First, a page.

A few days ago on a sunny but freezing cold Friday afternoon I had a few hours to visit the Centre for Computing History in Cambridge. I was very much looking forward to it as the first computer I ever programmed on was a Sinclair ZX80 that was built in the UK back in 1980 by Sinclair Research. Little did I know at the time where this computer was designed and that the UK was quite a phenomenon in Europe back then as it had a vibrant home computer industry. Sinclair and Acorn where the most well known Cambridge based home computer companies but there were dozens of others at the time.
The two computers in the picture above are part of the exhibition and typical models of computers that were available at the time. The computer on the left is the BBC Micro by Acorn and the one on the right is unmistakably the ZX80 that I remember so well. The ZX80 came with 1 kilobyte of RAM that is inconceivably little from today’s point of view but it did have a built in Basic interpreter. So for the first steps to discover how computers worked it was a great device!
After the ZX80 I moved to a Commodore 64 which again, compared to today, was very limited. Every now and then I muse about how great it would have been in the 1980s to learn how computers work if today’s technology had been available then. But when thinking about it more closely, that’s not necessarily quite true. For one thing when you look back from a 1980s perspective, that decade wasn’t too bad for learning about computers at home at all. Only go back 10 years and the best you could have had then was an Altair 8800 (the picture on the left is the Altair the museum has on display) which didn’t even have a screen and keyboard yet. It’s unlikely the Altair would have ever found a way into my teenager bedroom, it was too rare, too expensive, built too far away and my parents would have known even less about computers and why a teenager should have one.
Another reason why the 1980s were ideal for teenagers to learn about computers was that while home computers by the mid-1980s were used by most as game machines, they were initially conceived as devices to be explored. This becomes immediately apparent as the first thing after switching on any 1980s home computer is that a BASIC prompt shows up and one can start programming right away.
A decade later, home computers were a thing on the past. Graphical user interfaces on standardized PCs made computers much more appealing to those who just wanted to use rather than understand the computer and as time went by it became increasingly difficult to use a computer to learn how it works. Things only improved again a few years ago when the Raspberry Pi revolutionized bedroom computing again by bundling cheap hardware and open source software to let kids (and grown ups) explore once more how computers work in an easy and hands-on fashion. The museum has a recreation of a classroom of the 1980s with working BBC Acorns side by side with Raspberry Pis connected to TFT flat screens and keyboards that are also ready to be explored. Many computers of the museum are still in a working state and wait for visitors to explore them as well with the original manuals close by to get one started again. While sitting in front of a ZX81 I was immersed quickly and before I knew it I loaded a program into it from cassette tape, which is something, as you might imagine, I haven’t done for quite some time!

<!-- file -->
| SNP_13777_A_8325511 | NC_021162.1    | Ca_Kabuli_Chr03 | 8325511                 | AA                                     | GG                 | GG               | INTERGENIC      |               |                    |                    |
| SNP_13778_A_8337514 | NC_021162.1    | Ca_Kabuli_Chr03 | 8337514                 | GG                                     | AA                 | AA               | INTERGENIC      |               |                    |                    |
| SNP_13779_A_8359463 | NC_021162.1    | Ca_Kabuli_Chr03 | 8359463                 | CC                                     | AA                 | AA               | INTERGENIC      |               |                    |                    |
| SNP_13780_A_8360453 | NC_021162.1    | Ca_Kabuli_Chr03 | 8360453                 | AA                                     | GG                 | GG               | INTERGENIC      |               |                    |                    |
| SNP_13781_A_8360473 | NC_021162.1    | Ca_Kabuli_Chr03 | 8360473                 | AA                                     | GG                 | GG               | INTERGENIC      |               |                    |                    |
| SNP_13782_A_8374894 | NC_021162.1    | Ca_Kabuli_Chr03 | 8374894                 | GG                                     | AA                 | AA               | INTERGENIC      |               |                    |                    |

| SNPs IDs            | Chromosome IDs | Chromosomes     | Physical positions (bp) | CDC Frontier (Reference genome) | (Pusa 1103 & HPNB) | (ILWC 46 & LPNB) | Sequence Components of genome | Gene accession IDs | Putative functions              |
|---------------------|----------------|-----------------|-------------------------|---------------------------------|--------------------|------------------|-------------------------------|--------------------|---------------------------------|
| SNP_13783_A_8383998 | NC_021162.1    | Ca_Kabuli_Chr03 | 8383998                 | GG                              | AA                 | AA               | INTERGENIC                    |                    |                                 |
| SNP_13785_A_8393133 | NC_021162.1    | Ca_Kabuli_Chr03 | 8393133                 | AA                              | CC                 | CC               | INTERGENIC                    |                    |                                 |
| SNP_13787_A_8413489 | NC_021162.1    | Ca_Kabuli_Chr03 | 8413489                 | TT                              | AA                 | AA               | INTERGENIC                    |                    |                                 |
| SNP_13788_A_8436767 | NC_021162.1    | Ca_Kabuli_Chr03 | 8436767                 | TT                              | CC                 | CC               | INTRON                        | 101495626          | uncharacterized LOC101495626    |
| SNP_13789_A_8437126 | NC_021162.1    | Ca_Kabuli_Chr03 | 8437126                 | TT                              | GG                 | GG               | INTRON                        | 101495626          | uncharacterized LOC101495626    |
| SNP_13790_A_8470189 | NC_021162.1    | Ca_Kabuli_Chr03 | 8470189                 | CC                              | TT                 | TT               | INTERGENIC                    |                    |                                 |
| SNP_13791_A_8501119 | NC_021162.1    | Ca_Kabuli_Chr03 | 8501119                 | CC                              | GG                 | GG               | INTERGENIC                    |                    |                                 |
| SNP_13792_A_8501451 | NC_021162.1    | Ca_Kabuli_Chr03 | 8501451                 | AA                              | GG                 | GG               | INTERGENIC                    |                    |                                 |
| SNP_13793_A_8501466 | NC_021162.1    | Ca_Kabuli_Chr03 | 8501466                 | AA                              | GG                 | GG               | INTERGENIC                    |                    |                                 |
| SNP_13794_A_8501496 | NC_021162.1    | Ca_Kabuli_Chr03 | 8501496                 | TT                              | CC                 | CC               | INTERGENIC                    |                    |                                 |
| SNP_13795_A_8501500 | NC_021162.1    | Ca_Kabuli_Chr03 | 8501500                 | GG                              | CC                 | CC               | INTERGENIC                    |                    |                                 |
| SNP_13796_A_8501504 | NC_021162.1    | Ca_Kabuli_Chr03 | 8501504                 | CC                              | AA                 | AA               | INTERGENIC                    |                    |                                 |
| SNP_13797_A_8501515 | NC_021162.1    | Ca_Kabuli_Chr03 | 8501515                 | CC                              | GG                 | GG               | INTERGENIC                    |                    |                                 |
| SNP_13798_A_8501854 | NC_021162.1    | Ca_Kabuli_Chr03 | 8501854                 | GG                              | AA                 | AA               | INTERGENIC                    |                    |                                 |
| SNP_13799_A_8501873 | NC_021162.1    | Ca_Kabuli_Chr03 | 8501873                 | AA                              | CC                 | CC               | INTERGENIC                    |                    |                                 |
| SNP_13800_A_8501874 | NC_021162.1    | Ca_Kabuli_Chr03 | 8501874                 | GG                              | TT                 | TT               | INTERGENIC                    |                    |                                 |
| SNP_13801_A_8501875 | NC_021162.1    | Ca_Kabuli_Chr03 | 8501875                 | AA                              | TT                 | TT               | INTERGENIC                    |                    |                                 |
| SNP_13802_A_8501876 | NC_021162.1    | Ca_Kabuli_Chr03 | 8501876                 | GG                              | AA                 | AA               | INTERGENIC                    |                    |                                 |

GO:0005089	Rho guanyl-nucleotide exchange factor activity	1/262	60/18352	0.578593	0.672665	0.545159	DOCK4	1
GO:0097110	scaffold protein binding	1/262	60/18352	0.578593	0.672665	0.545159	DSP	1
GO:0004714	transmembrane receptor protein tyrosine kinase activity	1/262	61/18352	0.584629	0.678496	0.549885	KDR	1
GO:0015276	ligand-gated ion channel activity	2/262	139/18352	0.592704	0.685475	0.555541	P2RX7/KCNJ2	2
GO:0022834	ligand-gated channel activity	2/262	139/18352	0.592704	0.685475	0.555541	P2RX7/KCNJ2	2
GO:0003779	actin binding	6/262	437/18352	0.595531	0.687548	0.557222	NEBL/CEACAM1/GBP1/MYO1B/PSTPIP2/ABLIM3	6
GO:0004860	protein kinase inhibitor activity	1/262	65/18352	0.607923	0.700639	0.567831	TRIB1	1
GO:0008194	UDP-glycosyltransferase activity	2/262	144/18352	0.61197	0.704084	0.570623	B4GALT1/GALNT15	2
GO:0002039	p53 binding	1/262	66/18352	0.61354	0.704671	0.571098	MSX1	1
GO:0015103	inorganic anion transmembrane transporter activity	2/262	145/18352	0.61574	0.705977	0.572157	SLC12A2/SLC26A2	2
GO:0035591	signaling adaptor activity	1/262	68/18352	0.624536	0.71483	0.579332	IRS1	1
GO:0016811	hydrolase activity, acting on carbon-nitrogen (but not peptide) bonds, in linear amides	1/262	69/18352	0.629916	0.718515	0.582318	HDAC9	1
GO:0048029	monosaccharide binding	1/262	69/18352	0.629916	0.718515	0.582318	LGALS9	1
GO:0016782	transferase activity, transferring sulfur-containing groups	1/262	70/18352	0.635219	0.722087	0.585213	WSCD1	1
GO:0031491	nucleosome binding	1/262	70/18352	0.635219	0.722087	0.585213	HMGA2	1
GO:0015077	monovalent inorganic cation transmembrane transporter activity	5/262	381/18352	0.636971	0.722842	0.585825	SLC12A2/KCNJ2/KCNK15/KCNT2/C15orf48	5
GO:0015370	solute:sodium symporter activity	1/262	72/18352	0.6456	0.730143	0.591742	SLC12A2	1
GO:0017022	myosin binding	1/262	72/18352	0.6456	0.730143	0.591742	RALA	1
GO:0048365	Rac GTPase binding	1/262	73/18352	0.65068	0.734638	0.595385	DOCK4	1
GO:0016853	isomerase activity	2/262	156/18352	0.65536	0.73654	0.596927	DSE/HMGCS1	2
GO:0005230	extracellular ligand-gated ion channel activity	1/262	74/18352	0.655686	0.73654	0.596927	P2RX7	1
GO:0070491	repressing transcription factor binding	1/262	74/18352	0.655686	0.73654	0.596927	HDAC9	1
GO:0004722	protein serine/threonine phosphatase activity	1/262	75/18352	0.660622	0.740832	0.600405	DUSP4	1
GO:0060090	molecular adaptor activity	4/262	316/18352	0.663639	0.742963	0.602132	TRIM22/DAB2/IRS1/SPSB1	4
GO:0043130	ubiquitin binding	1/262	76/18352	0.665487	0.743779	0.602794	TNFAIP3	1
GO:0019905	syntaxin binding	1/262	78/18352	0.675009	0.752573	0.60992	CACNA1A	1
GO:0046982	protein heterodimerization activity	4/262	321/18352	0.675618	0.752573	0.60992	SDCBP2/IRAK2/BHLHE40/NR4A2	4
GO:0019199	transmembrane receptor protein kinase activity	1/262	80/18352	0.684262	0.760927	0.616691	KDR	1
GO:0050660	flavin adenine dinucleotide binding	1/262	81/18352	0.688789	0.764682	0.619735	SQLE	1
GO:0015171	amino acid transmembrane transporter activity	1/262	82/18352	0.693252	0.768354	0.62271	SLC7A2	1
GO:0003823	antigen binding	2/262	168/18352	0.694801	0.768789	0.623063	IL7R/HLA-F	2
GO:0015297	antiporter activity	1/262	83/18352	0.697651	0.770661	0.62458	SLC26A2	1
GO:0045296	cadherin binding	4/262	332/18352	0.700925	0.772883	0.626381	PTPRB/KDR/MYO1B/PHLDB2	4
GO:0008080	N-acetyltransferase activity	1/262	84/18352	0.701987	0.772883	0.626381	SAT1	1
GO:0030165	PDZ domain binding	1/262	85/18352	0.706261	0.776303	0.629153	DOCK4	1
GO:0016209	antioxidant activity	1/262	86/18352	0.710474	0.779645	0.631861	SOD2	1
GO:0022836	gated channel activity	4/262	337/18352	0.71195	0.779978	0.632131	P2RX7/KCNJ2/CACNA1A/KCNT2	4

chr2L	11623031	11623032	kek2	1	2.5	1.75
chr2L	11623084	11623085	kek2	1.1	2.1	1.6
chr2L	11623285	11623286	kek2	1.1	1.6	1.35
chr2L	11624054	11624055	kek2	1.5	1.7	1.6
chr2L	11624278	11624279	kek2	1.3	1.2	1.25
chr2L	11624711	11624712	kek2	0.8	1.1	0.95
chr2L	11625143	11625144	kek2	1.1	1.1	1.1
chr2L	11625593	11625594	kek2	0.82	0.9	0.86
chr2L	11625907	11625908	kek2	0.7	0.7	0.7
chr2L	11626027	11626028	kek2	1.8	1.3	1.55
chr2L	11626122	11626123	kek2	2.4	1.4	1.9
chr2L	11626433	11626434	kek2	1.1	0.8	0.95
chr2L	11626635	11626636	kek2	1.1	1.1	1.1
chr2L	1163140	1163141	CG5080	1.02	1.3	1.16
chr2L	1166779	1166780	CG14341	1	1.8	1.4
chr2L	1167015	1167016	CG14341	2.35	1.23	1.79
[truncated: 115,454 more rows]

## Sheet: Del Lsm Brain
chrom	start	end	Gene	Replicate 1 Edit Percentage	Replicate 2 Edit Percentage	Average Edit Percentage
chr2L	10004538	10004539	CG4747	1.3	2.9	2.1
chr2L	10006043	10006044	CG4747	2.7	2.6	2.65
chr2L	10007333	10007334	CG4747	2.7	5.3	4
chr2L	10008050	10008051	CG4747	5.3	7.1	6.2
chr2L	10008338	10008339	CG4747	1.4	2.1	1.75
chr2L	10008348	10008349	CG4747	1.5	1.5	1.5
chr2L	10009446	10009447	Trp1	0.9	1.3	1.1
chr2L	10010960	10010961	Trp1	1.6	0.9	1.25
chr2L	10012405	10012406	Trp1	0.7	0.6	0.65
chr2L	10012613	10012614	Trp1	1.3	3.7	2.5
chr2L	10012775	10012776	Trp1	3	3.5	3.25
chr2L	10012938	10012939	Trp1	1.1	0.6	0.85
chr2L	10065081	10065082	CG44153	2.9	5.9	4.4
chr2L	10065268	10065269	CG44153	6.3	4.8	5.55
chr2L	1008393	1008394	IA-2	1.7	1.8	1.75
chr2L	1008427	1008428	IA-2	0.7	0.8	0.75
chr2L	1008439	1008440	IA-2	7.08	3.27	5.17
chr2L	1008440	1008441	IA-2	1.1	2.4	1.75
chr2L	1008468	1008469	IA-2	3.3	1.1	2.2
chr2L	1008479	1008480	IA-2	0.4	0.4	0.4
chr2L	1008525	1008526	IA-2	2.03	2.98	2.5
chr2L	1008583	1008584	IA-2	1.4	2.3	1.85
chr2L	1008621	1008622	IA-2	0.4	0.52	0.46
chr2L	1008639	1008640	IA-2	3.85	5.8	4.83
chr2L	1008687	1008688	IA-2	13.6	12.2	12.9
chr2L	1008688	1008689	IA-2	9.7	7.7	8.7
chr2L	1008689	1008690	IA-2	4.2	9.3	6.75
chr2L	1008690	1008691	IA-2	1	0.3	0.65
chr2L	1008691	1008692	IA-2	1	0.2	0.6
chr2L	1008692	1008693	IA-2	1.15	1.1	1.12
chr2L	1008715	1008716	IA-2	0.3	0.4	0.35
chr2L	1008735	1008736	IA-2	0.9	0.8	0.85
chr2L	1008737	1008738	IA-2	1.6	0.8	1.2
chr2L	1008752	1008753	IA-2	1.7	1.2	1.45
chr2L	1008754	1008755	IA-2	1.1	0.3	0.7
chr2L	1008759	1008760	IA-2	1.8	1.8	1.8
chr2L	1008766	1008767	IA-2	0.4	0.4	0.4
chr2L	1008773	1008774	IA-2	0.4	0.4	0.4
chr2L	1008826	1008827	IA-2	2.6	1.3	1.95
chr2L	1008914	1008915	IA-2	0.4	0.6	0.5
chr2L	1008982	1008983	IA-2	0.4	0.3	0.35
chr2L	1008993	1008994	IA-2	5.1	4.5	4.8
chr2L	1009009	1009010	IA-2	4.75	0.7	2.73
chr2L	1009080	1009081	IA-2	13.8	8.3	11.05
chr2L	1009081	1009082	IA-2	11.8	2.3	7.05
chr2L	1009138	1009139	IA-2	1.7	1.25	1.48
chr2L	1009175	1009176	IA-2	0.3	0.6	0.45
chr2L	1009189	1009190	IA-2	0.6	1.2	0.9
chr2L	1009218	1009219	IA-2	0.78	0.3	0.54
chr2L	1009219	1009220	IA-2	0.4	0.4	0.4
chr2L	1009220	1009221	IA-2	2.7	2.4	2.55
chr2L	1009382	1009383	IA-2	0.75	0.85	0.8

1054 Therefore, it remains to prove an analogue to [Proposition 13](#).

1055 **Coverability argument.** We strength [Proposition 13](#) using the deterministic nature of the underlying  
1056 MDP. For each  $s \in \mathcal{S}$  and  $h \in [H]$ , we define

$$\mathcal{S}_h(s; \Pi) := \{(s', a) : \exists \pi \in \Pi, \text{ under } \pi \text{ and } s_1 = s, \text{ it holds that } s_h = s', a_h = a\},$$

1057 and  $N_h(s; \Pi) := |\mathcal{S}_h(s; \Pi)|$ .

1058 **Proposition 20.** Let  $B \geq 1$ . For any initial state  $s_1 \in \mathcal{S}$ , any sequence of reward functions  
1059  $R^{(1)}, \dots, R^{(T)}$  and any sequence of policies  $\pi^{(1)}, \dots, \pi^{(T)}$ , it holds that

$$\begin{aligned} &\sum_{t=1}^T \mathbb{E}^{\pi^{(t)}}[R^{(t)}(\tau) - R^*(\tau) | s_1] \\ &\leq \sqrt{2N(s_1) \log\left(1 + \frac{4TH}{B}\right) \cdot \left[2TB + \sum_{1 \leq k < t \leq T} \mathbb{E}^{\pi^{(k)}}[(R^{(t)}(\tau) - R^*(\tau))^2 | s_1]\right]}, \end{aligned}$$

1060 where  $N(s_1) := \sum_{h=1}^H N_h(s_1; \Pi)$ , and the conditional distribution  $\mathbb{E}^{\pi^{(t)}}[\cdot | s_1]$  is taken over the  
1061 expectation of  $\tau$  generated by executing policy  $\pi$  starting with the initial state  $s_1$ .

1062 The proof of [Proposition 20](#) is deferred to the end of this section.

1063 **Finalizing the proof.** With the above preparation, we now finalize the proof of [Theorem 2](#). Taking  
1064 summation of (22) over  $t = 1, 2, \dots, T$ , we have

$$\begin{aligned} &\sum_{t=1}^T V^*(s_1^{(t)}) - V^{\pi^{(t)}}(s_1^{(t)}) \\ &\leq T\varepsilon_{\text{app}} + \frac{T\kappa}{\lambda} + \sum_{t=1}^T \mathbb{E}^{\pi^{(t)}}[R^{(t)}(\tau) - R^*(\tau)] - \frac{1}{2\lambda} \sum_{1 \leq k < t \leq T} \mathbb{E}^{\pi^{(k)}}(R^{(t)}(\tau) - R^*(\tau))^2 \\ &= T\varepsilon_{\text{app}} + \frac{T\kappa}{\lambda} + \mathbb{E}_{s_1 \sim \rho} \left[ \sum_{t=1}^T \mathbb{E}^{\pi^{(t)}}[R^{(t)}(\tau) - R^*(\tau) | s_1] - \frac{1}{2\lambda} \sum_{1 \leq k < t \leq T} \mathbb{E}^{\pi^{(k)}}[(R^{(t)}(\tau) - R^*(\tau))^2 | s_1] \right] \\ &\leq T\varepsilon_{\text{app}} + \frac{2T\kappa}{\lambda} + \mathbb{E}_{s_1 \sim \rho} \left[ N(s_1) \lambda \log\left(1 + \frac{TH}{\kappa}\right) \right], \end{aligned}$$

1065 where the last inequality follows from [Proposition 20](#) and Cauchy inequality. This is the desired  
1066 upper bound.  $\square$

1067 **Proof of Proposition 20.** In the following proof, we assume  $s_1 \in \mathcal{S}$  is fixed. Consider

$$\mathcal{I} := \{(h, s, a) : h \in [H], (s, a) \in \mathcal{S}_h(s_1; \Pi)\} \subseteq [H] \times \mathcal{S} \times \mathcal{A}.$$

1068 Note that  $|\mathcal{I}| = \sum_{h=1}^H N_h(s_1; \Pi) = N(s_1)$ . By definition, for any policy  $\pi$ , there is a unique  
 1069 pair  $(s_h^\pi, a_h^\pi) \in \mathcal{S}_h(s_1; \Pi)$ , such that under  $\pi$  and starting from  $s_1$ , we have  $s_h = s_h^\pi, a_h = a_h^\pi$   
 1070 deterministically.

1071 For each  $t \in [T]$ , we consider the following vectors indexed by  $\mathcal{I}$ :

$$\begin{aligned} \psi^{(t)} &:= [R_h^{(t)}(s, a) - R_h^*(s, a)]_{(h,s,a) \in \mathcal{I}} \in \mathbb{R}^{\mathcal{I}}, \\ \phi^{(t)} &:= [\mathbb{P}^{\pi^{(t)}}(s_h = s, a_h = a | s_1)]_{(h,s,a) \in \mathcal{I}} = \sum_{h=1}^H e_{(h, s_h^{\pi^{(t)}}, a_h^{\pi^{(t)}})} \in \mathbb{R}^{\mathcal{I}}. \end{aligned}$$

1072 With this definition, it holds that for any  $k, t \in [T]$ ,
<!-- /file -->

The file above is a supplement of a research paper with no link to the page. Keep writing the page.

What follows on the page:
To prepare myself for the visit I did some background reading on the web, on Wikipedia, and I watched quite a number of videos on Youtube from and about the 1980s about Sinclair and Acorn in Cambridge, home computing and BBC computer literacy program. Here are my suggestions if you want to delve into that period of computing:
- ‘Electronic Dreams‘, a book by Tom Lean about home computing and a Britain of the 1970s and 80s somewhat afraid of what computers and automation meant for the future is a great place to start exploring!! A one hour talk by the author he gave in the museum can be found here.
- With Acorn and Sinclair both based in Cambridge, there was a lot of competition between the two companies in these days. Micromen, a movie made by the BBC and strangely available on Youtube is an interesting and fun dramatization of those events.
- Micromen is mostly based on events that really happened and it’s fun to see them fondly remembered in interviews with Acorn founders Hermann Hauser by the Computing History Museum, Chris Curry by the Centre of Computing History, and interviews with the inventors of the phenomenally successful ARM CPU used in pretty much everything today, Sophie Wilson and Steve Furber. The other side of the story can be found here and an interview with Ruth Bramley, who once worked at Sinclair, here.
- To get an idea of how the computer in general was seen in Britain at the end of the 1970s a must see is ‘Now The Chips Are Down’ a 1977 BBC documentary about how computers will make kids go through live without a job because computers and automation will change the world.
- A talk by David Allen about the BBC Computer Literacy Project of the 1980s.
- And my final suggestion to close the circle is to have a look at the two interviews of Eben Upton about the Raspberry Pi and his life before the Raspberry Pi by Jason Fitzpatrick!
Should you be interested in computing history (which you certainly are if you’ve made it down to these lines) and happen to be near Cambridge at some point, the Centre for Computing History is a must see! While taking a break I noticed that the museum’s souvenir corner had one last BBC micro:bit available and with several ideas of what I would like use it for springing up in my head instantly, I couldn’t resist taking it home as a souvenir and as another IoT exploration platform.